gmirror/gstripe or ZFS?
matthew at FreeBSD.org
Thu Dec 15 15:05:36 UTC 2016
On 2016/12/15 14:10, Mario Lobo wrote:
> I'll be building an area on an existing server that runs 10.3-STABLE
> (will upgrade to 11-STABLE), which is going to be used basically as a
> work/storage area for graphic design files (lots and lots of image
> editing, etc ...) that are extremely critical for the company and need
> to be up and ready all the time.
> A backup system is already in place and running.
> The OS runs off of its own ufs formatted drive and I acquired 4x 4Tb
> drives (sata), which I plan to gmirror 1&2/3&4, stripe the two mirrors
> into an 8Tb volume, and share it via samba. Network is Gbit.
> It comes to mind doing the same thing through ZFS. I've never used it
> before, which is the opposite of gmirror/gstripe, which I have used
> Given what this volume is going to be used for, in terms of
> performance/reliability/sharing, which one is best?
> I have replaced defective drives in gmirror many times without any
> problem. Is that just as easy with ZFS?
> Is sharing a dataset through samba as straight forward as sharing a
> I am reading as much as I can about ZFS but most of what I found is
> mainly technical implementation, not so much about how the user is
> experiencing it compared to other options.
If your data is at all important to you and you aren't constrained by
running on tiny little devices with very limited system resources, then
it's a no-brainer: use ZFS.
Creating a ZFS striped over two mirrored vdevs is not particularly
difficult and gives a result about equivalent to RAID10:
zpool create tank -m /somewhere mirror ada0p3 ada1p3 mirror ada2p3 ada3p3
will create a new zpool called 'tank' and mount it at /somewhere.
There's a number of properties to fiddle with for tuning purposes, and
you'll want to create a heirarchy of ZFSes under zroot to suit your
purposes, but otherwise that's about it.
Replacing drives in a ZFS is about as hard as replacing them in a
gmirror / gstripe setup. Swap out the physical device, create an
appropriate partitioning scheme on the new disk if needed[*], then run
'zpool replace device-name' and wait for the pool to resilver.
There are only two commands you need to achieve some familiarity with in
order to manage a ZFS setup -- zfs(8) and zpool(8). Don't be put off by
the length of the man pages: generally it's pretty obvious what
subcommand you need and you can just jump to that point in the manual to
find your answers.
[*] The installer will create a zpool by using gpart partitions, so it
can also add bootcode and a swap area to each disk. If you're not going
to be booting off this pool and you have swap supplied elsewhere, then
all that is unnecessary. You can just tell ZFS to use the raw disk devices.
Problems you may run into:
* Not having enough RAM -- ZFS eats RAM like there's no tomorrow.
That's because of the agressive caching it employs: many IO requests
will be served out of RAM rather than having to go all the way to disk.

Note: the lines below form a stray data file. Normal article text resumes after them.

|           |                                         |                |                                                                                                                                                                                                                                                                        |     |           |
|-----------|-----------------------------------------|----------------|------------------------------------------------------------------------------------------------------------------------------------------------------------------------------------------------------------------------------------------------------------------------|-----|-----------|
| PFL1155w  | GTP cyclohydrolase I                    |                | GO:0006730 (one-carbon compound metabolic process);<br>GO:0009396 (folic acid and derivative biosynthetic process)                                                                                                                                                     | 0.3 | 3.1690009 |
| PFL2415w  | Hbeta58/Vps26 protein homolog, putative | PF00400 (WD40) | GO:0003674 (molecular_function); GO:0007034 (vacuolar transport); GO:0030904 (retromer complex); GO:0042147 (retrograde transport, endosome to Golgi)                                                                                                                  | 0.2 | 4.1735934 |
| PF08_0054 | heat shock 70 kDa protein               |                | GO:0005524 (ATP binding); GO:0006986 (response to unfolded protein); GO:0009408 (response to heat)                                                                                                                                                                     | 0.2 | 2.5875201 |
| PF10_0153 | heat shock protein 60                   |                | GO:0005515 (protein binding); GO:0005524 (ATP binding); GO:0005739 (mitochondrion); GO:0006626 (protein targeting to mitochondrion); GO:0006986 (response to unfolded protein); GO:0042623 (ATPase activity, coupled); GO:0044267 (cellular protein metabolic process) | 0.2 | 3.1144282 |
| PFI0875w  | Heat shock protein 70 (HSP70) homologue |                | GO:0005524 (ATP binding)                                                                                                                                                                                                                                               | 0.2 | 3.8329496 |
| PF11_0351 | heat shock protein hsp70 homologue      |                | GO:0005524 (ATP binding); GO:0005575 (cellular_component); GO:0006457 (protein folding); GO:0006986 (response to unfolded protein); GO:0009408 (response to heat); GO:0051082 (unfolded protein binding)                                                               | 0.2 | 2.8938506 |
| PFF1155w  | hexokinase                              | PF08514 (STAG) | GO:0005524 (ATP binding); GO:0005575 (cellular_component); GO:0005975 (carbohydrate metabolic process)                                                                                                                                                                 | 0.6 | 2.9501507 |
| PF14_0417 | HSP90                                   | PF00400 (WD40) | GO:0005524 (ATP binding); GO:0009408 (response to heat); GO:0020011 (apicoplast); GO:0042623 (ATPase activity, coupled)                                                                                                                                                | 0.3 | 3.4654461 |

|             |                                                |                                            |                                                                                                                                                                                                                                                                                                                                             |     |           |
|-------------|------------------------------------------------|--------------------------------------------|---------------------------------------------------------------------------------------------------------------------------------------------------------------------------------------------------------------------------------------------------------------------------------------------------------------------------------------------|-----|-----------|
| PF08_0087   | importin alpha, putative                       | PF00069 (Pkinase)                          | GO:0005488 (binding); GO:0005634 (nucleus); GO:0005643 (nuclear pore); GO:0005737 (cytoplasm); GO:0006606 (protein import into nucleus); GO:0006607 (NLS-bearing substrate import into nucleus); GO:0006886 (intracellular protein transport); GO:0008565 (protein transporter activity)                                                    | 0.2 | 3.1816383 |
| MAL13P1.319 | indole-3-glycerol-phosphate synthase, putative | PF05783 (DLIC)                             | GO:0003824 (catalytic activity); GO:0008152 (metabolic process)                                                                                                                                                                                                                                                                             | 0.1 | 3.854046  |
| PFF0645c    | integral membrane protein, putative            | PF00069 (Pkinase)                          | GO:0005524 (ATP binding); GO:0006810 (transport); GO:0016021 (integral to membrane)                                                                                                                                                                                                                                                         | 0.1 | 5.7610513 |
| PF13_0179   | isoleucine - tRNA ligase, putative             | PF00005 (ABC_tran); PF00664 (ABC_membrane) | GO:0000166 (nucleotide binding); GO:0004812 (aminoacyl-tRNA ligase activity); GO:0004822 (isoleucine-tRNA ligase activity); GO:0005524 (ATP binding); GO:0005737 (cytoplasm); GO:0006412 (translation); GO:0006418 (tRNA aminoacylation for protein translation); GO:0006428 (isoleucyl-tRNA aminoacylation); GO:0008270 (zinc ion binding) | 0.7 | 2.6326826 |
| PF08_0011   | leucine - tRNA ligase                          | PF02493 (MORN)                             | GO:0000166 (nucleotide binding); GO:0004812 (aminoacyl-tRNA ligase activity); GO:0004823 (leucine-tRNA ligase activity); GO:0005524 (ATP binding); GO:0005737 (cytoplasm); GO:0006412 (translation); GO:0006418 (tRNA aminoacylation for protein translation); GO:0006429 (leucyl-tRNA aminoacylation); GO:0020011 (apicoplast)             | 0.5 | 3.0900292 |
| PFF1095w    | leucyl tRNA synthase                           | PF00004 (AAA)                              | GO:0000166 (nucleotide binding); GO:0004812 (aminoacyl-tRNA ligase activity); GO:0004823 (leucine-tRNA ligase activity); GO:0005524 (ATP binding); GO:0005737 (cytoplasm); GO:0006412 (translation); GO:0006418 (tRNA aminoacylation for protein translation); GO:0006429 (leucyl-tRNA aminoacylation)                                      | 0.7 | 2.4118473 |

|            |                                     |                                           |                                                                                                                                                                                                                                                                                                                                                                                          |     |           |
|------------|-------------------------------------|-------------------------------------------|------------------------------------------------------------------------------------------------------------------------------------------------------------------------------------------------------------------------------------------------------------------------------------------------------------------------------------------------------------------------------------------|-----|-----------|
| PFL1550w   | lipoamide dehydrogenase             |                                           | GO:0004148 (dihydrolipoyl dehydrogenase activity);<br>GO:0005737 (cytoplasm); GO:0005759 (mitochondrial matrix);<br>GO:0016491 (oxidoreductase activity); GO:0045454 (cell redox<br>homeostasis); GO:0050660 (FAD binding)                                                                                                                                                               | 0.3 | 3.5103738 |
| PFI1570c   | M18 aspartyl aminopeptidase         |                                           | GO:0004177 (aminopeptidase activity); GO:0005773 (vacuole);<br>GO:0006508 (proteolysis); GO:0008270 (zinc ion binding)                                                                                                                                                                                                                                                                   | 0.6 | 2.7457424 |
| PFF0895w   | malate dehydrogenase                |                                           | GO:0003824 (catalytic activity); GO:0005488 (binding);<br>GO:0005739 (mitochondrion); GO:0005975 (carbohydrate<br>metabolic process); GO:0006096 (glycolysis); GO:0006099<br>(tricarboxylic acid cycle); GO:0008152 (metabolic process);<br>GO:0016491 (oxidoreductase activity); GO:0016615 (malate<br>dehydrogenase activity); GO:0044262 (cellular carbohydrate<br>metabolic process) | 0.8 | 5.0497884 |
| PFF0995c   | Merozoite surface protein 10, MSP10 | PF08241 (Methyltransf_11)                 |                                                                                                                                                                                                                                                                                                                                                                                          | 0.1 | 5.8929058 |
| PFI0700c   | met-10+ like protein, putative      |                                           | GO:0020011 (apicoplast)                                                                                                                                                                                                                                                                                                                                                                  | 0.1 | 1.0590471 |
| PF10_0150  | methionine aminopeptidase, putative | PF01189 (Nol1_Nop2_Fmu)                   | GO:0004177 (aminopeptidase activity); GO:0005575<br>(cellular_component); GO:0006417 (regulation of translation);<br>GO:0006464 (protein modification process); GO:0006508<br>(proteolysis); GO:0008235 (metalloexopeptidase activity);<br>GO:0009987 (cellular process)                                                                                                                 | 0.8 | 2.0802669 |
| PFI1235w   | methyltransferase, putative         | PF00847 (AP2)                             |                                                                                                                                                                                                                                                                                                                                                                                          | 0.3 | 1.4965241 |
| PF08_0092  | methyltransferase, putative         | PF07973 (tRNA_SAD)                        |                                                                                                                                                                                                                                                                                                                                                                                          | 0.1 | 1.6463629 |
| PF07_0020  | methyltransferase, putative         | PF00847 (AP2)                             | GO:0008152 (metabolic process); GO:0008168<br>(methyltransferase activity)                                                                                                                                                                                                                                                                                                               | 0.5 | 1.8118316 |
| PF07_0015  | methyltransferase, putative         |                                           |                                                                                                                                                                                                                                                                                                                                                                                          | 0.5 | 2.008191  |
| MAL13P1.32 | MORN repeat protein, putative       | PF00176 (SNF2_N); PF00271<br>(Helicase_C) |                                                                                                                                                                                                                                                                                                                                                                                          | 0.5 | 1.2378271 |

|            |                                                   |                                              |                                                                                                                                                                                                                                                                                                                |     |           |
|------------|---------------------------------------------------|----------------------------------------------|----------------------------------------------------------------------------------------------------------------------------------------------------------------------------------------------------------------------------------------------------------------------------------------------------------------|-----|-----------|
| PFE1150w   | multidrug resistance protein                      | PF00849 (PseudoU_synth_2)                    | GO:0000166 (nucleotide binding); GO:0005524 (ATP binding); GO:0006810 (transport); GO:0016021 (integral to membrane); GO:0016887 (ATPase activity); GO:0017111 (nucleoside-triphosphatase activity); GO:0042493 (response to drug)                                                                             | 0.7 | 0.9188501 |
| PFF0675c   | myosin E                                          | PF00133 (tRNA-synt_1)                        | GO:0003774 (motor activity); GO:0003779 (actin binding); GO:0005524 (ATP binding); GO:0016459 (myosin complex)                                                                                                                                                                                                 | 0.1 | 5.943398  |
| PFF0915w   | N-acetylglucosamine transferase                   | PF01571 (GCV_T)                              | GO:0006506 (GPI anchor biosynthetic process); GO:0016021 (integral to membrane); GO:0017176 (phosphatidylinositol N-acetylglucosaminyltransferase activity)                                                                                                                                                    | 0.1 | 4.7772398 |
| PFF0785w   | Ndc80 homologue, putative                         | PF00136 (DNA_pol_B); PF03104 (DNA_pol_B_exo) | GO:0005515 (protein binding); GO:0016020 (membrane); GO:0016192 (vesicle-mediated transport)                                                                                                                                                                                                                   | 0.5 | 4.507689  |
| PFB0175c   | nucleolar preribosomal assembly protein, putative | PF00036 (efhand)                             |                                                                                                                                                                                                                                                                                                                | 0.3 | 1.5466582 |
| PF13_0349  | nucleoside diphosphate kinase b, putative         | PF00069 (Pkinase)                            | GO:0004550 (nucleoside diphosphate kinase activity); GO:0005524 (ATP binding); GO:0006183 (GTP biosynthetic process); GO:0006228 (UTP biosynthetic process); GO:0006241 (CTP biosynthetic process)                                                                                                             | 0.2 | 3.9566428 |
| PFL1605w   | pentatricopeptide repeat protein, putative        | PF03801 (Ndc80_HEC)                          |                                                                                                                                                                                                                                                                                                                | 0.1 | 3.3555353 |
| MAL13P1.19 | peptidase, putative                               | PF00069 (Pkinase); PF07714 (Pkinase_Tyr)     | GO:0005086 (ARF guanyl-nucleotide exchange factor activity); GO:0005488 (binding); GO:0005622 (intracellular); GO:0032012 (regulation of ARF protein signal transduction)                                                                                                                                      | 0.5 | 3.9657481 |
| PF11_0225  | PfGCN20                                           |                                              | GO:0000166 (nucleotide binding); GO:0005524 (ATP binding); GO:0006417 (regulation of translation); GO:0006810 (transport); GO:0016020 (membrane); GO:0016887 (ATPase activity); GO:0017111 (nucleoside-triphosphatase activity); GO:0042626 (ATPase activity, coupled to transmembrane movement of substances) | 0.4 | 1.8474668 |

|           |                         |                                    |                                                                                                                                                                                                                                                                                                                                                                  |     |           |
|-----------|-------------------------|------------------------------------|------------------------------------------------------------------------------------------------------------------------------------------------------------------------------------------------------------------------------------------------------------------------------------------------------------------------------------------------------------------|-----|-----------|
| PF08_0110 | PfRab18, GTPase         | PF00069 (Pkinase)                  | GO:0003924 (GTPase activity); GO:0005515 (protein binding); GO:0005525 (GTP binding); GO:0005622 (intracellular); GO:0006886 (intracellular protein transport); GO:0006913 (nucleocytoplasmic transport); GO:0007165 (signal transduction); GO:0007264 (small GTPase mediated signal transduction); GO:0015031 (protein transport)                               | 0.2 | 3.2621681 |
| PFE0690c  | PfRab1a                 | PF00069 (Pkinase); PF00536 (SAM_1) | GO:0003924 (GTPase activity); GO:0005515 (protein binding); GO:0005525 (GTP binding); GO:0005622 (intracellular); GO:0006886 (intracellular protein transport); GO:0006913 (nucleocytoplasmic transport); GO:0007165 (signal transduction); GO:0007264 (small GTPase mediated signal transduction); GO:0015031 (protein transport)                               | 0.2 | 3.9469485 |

Sprinkling RAM liberally into your server will help performance.
* Do turn on compression, and use the lz4 algorithm. Compression is a
win in general due to reducing the size of IO requests, which gains more
than you lose in the extra work to compress and decompress the data.
lz4 is preferred because it gives pretty good compression for
compressible data, but can detect and bale out early for incompressible
data, like many image formats (JPG, PNG, GIF) -- in which case the data
is simply stored without compression at the ZFS level.
* Don't enable deduplication. It sounds really attractive, but for
almost all cases it leads to vastly increased memory requirements,
performance slowing to a near crawl, wailing, and gnashing of teeth. If
you have to ask, then you *don't* want it.
* ZFS does a lot more processing than most filesystems -- calculating
all of those checksums, and doing all those copy-on-writes takes its
toll. It's the price you pay for being confident your data is
uncorrupted, but it does mean ZFS is harder on the system than many
other FSes. For a modern server, the extra processing cost is generally
not a problem, and swallowed in the time it takes to access the spinning
rust. It will hurt you if your IO characteristics are a lot of small
reads / writes randomly scattered around your storage, typical of eg. a
* You can add a 'SLOG' (Separate LOG) device to improve performance --
this is typically a fast SSD. Doesn't have to be particularly big: all
it does is move some particularly hot IO caches off the main drives onto
the faster hardware. Can be used for ARC (reading data) or ZIL (writing
data) or both. However, you can add this on the fly without any
interruption of service, so I'd recommend starting without and only
adding one if it seems you need it.
* Having both UFS and ZFS on the same machine. This is not
insurmountably bad, but the different memory requirements of the two
filesystems can lead to performance trouble. It depends on what your
server load levels are like. If it's lightly loaded, then no problem.
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